In the mid '70's Maceo hooked up with Bootsy Collins, and George Clinton and his various incarnations of Funkadelic and Parliament. He now had worked with the figure heads of Funk music at the height of their success, from the breathtaking shows of James Brown to the landing of the Mothership; Maceo has been as close as it gets to some of the most exciting moments in musical history, contributing his sound as a constant point of reference.
In 1990 the opportunity came for Maceo to concentrate on his own projects. He released two successful solo albums entitled“Roots Revisited” (which spent 10 weeks at the top of Billboard's Jazz Charts in 1990) and “Mo' Roots” (1991). But it was his third solo album, Maceo’s ground breaking CD “Life on Planet Groove”, recorded live in 1992 which soon became a funk fan favorite. “Planet Groove” also served as a calling card, boosting Maceo's contemporary career as a solo artist for a college aged audience, and bringing into being his catch phrase "2% Jazz, 98% Funky Stuff".
Maceo began his relentless headlining touring, bringing his top notch, road-tight band and three-hour plus shows to the people all over the world. "I feel it's my duty as an artist to go as many places as I can, especially if the people want it", Maceo says. The soft spoken North Carolina native doesn't come out on stage in a diaper or a velvet swirling cape, no giant spaceships or 50 person entourages, nothing except the core of his musical soul which he lays open every time he blows his horn.
In 2003, after several years as Band Leader for the Rhythm and Blues Foundation Awards Maceo received a Pioneer Award from the Rhythm and Blues Foundation for his contribution as a sideman to the genre of R & B.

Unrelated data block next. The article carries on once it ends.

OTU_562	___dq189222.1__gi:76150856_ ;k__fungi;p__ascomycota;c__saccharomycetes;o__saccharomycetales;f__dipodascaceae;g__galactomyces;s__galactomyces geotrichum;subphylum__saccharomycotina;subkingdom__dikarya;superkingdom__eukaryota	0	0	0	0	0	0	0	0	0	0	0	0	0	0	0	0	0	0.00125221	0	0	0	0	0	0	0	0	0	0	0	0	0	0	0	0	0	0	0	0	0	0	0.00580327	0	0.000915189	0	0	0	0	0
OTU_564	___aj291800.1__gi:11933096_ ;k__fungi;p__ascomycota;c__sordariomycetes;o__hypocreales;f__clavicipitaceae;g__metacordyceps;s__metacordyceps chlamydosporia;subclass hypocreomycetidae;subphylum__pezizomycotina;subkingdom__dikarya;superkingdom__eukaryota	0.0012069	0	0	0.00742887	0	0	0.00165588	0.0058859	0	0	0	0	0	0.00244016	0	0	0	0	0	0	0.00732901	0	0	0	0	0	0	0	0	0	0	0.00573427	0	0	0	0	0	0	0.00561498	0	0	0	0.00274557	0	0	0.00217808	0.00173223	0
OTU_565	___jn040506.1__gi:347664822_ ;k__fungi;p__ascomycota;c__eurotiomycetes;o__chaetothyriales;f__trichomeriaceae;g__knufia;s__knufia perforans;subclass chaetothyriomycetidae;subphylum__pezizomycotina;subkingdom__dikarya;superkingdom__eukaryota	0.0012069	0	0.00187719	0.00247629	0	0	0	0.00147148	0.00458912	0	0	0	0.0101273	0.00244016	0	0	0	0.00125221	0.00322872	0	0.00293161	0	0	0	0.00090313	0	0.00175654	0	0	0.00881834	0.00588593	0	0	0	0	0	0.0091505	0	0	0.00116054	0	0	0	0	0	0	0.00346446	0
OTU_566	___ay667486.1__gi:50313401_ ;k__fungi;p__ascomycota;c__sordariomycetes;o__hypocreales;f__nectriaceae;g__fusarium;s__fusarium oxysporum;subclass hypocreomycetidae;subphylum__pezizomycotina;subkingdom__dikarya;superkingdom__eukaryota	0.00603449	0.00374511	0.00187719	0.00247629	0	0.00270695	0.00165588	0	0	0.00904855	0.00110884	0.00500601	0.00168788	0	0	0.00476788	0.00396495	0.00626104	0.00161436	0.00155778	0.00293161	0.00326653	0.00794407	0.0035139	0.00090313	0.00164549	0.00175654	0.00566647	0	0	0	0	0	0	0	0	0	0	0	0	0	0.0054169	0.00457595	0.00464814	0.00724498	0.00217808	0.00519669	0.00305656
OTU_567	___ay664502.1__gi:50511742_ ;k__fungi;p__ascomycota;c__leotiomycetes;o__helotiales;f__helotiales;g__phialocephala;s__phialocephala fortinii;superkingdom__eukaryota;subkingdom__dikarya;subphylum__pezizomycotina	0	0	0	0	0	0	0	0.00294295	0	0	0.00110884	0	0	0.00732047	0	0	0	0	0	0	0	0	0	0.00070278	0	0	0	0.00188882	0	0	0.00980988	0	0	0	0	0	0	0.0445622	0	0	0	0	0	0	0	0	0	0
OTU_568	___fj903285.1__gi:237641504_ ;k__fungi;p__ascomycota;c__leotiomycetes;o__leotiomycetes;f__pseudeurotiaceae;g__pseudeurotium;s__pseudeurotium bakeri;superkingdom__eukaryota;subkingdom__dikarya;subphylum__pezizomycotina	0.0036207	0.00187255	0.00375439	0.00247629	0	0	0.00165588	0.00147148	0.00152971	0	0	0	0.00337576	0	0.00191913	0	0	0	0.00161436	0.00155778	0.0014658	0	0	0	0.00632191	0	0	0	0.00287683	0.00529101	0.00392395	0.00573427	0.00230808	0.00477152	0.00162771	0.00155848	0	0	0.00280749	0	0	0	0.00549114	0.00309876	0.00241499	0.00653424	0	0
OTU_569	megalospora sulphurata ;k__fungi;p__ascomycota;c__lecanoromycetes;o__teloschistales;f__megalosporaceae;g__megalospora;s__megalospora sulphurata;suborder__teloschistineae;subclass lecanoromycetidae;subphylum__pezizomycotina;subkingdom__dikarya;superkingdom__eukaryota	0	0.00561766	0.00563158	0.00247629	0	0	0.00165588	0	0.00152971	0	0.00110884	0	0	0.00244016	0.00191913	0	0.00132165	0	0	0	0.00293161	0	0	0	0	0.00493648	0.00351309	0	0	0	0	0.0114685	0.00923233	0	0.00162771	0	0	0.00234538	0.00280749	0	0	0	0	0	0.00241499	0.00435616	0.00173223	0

In 2004 he returned to the Prince camp in 2004 where his participation on the Musicology Tour- earned him the title “Teacher” from Prince, although “Dean of Funk” might have been a more accurate phrase! The tour received huge critical acclaim and Maceo's presence excited reviewers and audiences alike, especially with his tribute to the late Ray Charles with a performance of “Georgia on My Mind”.
Maceo's last three releases “Funk Overload”, “Dial M-A-C-E-O” and “Made by Maceo” entered the top 40 in the European charts upon release. “Dial M-A-C-E-O” features guest spots from the Mistress of folk music Ani DiFranco, Prince, and a quite different James from the one we have come to associate with Maceo: James Taylor.
His newest album “School ’s In!” is very likely the most funky studio album around. Maceo succeeds in creating as close to a live sound as is possible in a studio setting.
Having taken his touring band into the studio, (they’ve been described as tight as the chewing gum on the bottom of your shoe) he brings us an album with scholastic themes, but don’t be fooled, journalist Dave Todoroff describes “School’s In” as “undoubtedly the next best thing to being with the funk maestro in person. His alto cries slowly on a couple of slower tunes (Song for My Teacher), which allows us all to catch our breath before the next onslaught ofthe very next cut as he gets us all sick from the feverish pace in which he burns on “Speed Reading”.The overall vibe of “School’s In!!is a study in Funkanomics: 101, with the cuts playing much longer and a lot saxier than previous recordings.”
Once again he’s joined on the album by fellow saxophonist and NPG Band member Candy Dulfer in a gorgeous interplay of alto and vocals of Sam Cooke’s “What A Wonderful World”. School’s In! Indeed.